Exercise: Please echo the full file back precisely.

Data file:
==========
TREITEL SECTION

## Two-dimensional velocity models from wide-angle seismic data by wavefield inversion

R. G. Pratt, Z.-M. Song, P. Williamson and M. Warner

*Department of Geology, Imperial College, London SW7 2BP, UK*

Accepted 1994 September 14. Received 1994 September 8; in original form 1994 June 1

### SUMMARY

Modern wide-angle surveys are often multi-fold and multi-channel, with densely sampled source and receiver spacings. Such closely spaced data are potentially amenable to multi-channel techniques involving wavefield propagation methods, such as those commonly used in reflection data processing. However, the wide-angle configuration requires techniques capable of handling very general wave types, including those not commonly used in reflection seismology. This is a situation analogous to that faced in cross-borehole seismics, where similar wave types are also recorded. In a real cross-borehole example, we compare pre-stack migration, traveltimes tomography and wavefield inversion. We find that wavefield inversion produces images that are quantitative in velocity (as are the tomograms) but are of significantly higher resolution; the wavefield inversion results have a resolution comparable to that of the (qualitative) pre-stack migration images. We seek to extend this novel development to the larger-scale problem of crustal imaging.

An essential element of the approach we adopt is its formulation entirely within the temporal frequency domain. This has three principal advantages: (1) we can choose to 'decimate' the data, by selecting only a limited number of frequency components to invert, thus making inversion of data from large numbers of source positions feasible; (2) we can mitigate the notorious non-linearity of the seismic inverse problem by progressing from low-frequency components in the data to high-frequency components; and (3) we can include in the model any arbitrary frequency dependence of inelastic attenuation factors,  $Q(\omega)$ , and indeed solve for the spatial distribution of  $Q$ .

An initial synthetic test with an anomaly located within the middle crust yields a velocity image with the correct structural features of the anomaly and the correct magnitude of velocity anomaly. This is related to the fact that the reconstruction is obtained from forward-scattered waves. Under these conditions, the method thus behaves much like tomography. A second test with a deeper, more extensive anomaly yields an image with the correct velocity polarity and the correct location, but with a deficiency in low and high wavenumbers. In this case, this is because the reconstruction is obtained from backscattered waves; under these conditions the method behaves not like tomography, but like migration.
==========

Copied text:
TREITEL SECTION

## Two-dimensional velocity models from wide-angle seismic data by wavefield inversion

R. G. Pratt, Z.-M. Song, P. Williamson and M. Warner

*Department of Geology, Imperial College, London SW7 2BP, UK*

Accepted 1994 September 14. Received 1994 September 8; in original form 1994 June 1

### SUMMARY

Modern wide-angle surveys are often multi-fold and multi-channel, with densely sampled source and receiver spacings. Such closely spaced data are potentially amenable to multi-channel techniques involving wavefield propagation methods, such as those commonly used in reflection data processing. However, the wide-angle configuration requires techniques capable of handling very general wave types, including those not commonly used in reflection seismology. This is a situation analogous to that faced in cross-borehole seismics, where similar wave types are also recorded. In a real cross-borehole example, we compare pre-stack migration, traveltimes tomography and wavefield inversion. We find that wavefield inversion produces images that are quantitative in velocity (as are the tomograms) but are of significantly higher resolution; the wavefield inversion results have a resolution comparable to that of the (qualitative) pre-stack migration images. We seek to extend this novel development to the larger-scale problem of crustal imaging.

An essential element of the approach we adopt is its formulation entirely within the temporal frequency domain. This has three principal advantages: (1) we can choose to 'decimate' the data, by selecting only a limited number of frequency components to invert, thus making inversion of data from large numbers of source positions feasible; (2) we can mitigate the notorious non-linearity of the seismic inverse problem by progressing from low-frequency components in the data to high-frequency components; and (3) we can include in the model any arbitrary frequency dependence of inelastic attenuation factors,  $Q(\omega)$ , and indeed solve for the spatial distribution of  $Q$ .

An initial synthetic test with an anomaly located within the middle crust yields a velocity image with the correct structural features of the anomaly and the correct magnitude of velocity anomaly. This is related to the fact that the reconstruction is obtained from forward-scattered waves. Under these conditions, the method thus behaves much like tomography. A second test with a deeper, more extensive anomaly yields an image with the correct velocity polarity and the correct location, but with a deficiency in low and high wavenumbers. In this case, this is because the reconstruction is obtained from backscattered waves; under these conditions the method behaves not like tomography, but like migration.